docker run --name test_container first_docker_image
In this command, we provide a container name as “test_container” and associate the image we just created with it. For example, the “docker run” command output is as below:
As seen from the above screenshot, when the container executes, the message we provided in CMD instruction in the Dockerfile displays.
With this, we have successfully built and executed a simple Docker image. For more details on the “docker build” command, refer to the docker build command.
How to Save Docker Images?
Once we build an image, we might want to use it in the future. Hence we need to save it on the host machine. So how do we achieve this?
For this purpose, we “save” it. Docker provides a “docker save” command to save the image.
Additionally, let us discuss this command now.
Docker save command
The command “docker save” saves one or more images to an archive, usually a ‘tar‘ file.
The general syntax of the ‘docker save‘ command is given below.
docker save [OPTIONS] IMAGE [IMAGE...]
This command generates a tarred repository to the standard output stream. The tarred repository contains all the versions, tags, or specified “repo: tag“ for each argument provided.
This command has the following options that we can specify with the command.
- — output, -o: this implies we can write to a file instead of STDOUT.
Let us see an example of a docker save command usage. The following screenshot shows the working of this command.
We can see from the above screenshot that first, we list the images present. There are two of them on the host machine. Let us save the first image, ‘dockerimage2 (first rectangle)’ to a tar file.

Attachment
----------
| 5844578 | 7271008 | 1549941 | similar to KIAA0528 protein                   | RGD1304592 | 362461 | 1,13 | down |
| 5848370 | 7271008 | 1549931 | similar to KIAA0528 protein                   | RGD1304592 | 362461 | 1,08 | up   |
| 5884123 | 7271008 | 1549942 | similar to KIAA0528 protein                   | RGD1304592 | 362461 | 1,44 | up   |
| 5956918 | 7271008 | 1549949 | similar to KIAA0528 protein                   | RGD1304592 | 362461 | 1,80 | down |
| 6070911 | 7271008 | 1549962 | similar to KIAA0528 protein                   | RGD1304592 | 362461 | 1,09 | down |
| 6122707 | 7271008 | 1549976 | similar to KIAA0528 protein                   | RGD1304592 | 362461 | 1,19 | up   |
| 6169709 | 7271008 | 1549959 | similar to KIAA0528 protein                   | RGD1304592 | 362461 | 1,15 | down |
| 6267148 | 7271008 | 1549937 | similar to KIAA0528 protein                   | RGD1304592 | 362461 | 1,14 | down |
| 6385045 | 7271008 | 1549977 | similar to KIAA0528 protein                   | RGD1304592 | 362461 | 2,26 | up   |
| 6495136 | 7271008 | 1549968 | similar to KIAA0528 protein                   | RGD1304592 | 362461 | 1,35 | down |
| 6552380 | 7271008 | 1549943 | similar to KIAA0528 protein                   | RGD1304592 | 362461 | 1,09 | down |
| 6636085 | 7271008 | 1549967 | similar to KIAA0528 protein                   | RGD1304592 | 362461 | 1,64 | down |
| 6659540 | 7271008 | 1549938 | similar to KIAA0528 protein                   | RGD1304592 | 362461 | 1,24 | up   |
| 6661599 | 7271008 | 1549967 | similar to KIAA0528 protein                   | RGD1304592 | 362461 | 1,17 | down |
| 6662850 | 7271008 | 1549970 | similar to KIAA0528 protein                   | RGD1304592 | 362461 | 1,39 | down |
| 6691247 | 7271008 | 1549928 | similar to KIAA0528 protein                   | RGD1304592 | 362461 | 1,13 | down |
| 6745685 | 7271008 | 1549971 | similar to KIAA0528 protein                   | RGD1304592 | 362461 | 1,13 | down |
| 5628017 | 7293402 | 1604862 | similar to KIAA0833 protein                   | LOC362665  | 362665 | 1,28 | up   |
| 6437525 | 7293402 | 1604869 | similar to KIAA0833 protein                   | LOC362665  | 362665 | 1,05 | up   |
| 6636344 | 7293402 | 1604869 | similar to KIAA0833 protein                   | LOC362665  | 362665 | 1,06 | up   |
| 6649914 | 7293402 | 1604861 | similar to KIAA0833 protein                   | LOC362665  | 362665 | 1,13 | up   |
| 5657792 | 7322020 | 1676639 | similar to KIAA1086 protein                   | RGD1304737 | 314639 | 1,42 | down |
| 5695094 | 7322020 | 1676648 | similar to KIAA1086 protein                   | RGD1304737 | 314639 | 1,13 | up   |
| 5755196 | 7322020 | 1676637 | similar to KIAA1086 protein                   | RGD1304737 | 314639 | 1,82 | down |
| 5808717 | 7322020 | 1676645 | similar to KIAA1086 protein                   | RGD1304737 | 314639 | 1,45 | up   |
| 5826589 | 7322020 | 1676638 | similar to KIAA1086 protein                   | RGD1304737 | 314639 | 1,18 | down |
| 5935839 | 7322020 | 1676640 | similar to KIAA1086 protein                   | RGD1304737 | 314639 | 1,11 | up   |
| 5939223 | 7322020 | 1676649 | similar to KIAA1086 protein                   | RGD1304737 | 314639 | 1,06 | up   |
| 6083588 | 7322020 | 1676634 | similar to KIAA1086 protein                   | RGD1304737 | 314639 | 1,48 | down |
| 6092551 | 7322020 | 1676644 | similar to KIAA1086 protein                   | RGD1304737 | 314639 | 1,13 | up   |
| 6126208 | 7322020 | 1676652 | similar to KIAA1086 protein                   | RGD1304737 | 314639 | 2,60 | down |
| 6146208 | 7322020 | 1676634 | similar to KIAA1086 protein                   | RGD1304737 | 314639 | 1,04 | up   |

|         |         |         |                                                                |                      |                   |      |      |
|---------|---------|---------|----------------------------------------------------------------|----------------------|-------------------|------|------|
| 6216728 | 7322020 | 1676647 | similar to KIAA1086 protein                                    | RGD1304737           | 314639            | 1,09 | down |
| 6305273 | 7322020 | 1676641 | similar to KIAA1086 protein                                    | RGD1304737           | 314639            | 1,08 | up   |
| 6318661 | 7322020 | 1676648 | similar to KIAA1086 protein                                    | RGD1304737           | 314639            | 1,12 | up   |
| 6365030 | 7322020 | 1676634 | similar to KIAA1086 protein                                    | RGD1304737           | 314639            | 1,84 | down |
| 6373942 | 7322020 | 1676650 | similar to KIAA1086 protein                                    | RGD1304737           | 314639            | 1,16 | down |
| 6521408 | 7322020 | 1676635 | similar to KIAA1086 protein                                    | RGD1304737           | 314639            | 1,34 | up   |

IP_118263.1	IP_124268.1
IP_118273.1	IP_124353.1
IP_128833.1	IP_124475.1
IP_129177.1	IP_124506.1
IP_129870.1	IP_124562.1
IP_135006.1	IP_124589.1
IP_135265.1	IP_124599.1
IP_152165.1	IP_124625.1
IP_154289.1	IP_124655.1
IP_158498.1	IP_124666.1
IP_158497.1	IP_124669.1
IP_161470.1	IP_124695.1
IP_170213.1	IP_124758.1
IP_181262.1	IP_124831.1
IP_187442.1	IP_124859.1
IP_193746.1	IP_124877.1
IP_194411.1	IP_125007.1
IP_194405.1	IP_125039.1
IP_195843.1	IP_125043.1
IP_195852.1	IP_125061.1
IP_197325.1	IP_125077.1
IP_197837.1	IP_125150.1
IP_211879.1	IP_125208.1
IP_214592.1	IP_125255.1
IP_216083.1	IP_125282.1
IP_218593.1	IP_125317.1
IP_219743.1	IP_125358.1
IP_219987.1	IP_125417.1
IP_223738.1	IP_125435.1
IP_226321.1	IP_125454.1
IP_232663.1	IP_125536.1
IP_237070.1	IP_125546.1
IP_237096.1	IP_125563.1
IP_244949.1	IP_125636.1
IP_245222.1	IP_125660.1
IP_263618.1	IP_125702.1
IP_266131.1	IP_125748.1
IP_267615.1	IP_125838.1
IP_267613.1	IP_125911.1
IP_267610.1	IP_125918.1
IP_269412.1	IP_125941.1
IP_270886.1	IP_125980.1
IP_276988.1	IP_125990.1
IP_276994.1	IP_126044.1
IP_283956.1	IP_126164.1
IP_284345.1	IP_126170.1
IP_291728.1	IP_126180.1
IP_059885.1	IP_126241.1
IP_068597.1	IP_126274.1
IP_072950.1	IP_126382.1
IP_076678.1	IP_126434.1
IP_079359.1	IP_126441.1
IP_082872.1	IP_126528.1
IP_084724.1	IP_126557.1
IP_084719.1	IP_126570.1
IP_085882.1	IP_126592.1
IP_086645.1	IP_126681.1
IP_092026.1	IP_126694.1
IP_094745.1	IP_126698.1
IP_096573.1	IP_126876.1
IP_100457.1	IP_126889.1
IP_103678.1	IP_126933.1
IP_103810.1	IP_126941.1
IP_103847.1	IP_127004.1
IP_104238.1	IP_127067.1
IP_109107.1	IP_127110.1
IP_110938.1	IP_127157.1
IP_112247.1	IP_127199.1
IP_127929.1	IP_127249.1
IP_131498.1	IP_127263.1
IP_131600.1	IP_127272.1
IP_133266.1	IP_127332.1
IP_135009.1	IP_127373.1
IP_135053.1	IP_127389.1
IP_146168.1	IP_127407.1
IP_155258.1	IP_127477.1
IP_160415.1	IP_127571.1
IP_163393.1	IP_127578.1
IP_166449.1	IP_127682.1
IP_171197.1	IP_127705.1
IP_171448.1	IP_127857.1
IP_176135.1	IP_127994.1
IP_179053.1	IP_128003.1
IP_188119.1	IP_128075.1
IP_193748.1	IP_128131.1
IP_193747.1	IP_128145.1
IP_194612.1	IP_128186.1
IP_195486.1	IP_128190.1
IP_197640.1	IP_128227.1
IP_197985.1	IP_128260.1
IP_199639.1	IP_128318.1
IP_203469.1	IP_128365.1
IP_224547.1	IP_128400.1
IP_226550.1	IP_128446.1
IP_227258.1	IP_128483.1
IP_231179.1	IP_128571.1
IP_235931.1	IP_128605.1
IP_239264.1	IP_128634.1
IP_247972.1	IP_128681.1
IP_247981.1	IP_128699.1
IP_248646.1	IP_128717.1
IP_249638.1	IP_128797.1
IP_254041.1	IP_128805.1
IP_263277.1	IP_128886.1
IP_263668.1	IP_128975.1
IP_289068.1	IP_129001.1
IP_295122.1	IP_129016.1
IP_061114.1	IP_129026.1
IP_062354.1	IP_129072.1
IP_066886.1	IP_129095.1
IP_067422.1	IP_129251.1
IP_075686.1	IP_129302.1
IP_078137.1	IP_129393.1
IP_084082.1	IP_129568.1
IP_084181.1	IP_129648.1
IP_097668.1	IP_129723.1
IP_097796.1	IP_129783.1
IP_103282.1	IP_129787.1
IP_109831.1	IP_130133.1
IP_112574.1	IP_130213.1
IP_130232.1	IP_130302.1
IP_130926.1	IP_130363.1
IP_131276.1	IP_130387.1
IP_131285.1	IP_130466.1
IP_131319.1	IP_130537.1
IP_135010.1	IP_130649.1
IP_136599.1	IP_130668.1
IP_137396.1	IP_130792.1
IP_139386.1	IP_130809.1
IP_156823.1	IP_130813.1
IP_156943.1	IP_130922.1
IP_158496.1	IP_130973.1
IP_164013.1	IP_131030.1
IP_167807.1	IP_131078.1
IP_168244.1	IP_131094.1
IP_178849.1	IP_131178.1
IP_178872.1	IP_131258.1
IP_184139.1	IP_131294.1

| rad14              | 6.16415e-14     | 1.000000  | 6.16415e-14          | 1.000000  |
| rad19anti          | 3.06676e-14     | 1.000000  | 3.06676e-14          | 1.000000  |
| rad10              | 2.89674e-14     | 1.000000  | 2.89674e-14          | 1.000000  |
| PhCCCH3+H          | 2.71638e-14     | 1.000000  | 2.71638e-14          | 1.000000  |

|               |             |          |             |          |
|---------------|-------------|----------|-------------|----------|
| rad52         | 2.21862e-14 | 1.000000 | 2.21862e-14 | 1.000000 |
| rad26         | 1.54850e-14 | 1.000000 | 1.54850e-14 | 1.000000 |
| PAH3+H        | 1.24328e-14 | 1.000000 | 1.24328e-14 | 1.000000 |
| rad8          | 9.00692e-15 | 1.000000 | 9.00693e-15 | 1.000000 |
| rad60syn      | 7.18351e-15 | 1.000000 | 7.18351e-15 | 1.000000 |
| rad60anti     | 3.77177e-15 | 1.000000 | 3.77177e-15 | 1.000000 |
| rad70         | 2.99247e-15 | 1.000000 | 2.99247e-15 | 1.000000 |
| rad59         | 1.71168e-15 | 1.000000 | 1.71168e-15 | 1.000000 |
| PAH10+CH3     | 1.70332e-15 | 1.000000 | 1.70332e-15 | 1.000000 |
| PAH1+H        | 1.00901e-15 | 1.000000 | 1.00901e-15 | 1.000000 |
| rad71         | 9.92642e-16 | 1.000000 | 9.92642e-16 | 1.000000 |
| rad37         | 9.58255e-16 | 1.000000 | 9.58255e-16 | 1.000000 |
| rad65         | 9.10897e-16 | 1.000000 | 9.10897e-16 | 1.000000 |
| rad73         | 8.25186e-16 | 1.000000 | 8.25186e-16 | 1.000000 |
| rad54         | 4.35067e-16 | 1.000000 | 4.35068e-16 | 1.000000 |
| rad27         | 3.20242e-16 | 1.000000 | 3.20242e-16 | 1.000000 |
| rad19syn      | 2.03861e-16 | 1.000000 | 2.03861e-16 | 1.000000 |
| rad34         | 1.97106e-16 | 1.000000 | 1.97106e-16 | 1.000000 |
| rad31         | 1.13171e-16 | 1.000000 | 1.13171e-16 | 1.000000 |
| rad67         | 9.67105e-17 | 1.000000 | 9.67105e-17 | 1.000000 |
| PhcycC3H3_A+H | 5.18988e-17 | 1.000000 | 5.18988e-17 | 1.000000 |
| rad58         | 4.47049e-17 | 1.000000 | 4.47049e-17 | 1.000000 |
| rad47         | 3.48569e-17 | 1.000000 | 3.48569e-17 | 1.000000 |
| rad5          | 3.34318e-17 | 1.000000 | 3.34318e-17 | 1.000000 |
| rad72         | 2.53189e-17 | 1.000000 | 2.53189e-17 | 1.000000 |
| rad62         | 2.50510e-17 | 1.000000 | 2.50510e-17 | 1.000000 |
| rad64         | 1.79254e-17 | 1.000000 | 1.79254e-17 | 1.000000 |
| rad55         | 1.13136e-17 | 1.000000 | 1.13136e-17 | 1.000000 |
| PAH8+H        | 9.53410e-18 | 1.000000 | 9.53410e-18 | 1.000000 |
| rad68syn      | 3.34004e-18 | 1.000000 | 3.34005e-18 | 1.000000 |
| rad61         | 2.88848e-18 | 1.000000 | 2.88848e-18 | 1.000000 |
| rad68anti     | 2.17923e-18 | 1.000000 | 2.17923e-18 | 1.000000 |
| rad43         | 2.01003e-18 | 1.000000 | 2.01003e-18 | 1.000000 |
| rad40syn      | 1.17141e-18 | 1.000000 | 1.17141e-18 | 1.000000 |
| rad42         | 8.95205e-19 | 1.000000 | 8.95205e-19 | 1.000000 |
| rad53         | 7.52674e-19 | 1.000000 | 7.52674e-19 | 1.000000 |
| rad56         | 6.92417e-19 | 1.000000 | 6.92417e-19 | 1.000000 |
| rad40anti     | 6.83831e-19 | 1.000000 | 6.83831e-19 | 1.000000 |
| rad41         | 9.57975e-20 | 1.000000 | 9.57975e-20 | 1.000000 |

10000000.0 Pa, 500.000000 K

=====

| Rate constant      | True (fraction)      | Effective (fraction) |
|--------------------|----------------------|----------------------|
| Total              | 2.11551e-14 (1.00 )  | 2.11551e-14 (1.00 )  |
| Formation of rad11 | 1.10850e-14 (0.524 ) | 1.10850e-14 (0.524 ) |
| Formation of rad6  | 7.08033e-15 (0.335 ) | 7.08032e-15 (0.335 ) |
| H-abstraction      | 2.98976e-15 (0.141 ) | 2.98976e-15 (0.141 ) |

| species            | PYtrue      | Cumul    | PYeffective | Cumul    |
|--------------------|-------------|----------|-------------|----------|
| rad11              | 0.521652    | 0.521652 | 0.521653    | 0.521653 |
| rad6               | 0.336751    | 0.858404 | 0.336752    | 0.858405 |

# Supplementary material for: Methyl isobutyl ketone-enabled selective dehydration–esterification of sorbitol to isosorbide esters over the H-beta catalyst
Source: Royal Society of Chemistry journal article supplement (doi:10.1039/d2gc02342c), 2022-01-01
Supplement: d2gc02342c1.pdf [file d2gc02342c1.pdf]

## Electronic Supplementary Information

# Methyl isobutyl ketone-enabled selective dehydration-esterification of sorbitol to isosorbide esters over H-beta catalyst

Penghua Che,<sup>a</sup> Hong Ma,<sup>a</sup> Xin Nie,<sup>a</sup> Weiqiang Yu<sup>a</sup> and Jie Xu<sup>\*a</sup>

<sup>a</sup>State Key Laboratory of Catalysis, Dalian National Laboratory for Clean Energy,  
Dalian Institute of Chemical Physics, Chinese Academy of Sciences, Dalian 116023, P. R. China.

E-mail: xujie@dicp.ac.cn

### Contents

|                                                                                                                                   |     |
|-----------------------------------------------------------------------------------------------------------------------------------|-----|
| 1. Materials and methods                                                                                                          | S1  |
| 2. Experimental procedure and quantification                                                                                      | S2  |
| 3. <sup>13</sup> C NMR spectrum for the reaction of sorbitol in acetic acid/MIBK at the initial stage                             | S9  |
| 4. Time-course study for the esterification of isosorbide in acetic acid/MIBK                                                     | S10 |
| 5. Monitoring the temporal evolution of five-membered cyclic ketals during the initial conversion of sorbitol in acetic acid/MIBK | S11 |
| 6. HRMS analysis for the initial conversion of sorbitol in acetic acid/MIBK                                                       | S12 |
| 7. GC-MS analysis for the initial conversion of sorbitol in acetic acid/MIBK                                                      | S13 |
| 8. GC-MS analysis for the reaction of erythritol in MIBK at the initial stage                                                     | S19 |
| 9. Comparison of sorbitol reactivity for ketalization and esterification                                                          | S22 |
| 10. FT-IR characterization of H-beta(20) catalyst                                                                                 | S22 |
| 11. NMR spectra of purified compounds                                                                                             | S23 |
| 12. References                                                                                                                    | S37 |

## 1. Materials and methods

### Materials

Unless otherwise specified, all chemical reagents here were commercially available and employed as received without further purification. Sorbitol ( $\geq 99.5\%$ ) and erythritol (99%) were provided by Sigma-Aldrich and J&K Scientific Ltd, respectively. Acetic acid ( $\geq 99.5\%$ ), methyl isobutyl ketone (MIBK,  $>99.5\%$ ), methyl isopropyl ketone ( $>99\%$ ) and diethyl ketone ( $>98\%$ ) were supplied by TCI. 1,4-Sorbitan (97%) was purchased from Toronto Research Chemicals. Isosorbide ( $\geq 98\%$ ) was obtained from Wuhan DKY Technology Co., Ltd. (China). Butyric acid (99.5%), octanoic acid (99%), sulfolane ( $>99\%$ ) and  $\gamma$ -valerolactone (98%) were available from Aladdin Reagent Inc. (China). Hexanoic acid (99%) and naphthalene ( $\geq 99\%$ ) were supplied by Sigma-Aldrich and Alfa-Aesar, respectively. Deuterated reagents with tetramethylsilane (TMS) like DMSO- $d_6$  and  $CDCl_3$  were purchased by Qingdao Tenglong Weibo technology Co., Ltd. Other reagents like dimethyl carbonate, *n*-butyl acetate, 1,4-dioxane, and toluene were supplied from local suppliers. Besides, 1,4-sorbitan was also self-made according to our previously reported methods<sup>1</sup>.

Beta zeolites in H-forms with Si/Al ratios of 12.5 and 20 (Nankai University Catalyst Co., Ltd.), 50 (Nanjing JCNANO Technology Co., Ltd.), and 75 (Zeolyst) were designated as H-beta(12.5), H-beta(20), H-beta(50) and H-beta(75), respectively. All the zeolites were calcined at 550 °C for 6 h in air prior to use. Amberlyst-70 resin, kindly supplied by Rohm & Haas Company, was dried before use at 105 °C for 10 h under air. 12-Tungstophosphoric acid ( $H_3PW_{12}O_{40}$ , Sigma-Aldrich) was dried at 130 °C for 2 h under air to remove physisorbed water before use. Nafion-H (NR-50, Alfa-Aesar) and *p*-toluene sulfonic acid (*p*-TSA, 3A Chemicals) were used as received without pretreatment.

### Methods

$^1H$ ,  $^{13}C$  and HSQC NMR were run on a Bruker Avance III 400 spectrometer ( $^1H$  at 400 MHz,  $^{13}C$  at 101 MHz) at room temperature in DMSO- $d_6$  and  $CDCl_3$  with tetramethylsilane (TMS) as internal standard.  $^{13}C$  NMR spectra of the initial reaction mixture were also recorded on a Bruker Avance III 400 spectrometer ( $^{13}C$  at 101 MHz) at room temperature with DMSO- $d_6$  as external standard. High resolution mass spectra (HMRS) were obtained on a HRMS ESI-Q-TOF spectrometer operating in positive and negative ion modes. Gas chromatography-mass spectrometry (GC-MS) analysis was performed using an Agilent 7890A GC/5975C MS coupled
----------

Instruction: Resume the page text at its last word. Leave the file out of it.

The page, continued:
For this, we have used the “docker save” command (shown in a 2nd rectangle). When we execute this command and then list the files present, we can see the tar file that the ‘docker save’ command generated.
How to pull Docker images?
Most of the time, they will be created using existing images. However, there are thousands of images present on Docker Hub, which we can use to create our images. For this, we need to pull these images from the Docker Hub.
Docker provides a command ‘docker pull‘ to allow the user to pull required images from the docker registry like Docker Hub.
Subsequently, let us discuss more on this.
The general syntax of the ‘docker pull‘ command is:
docker pull [OPTIONS] NAME[:TAG|@DIGEST]
This command supports the following options
|–all-tags, -a||this option is used to pull/download all tagged images|
|–disable-content-trust||true||Skip image verification|
|–quiet, -q||Suppress verbose output|
|–platform||Set platform if the server is multi-platform capable|
Now let us try to pull an image from the repository as an example. Additionally, consider the following screenshot.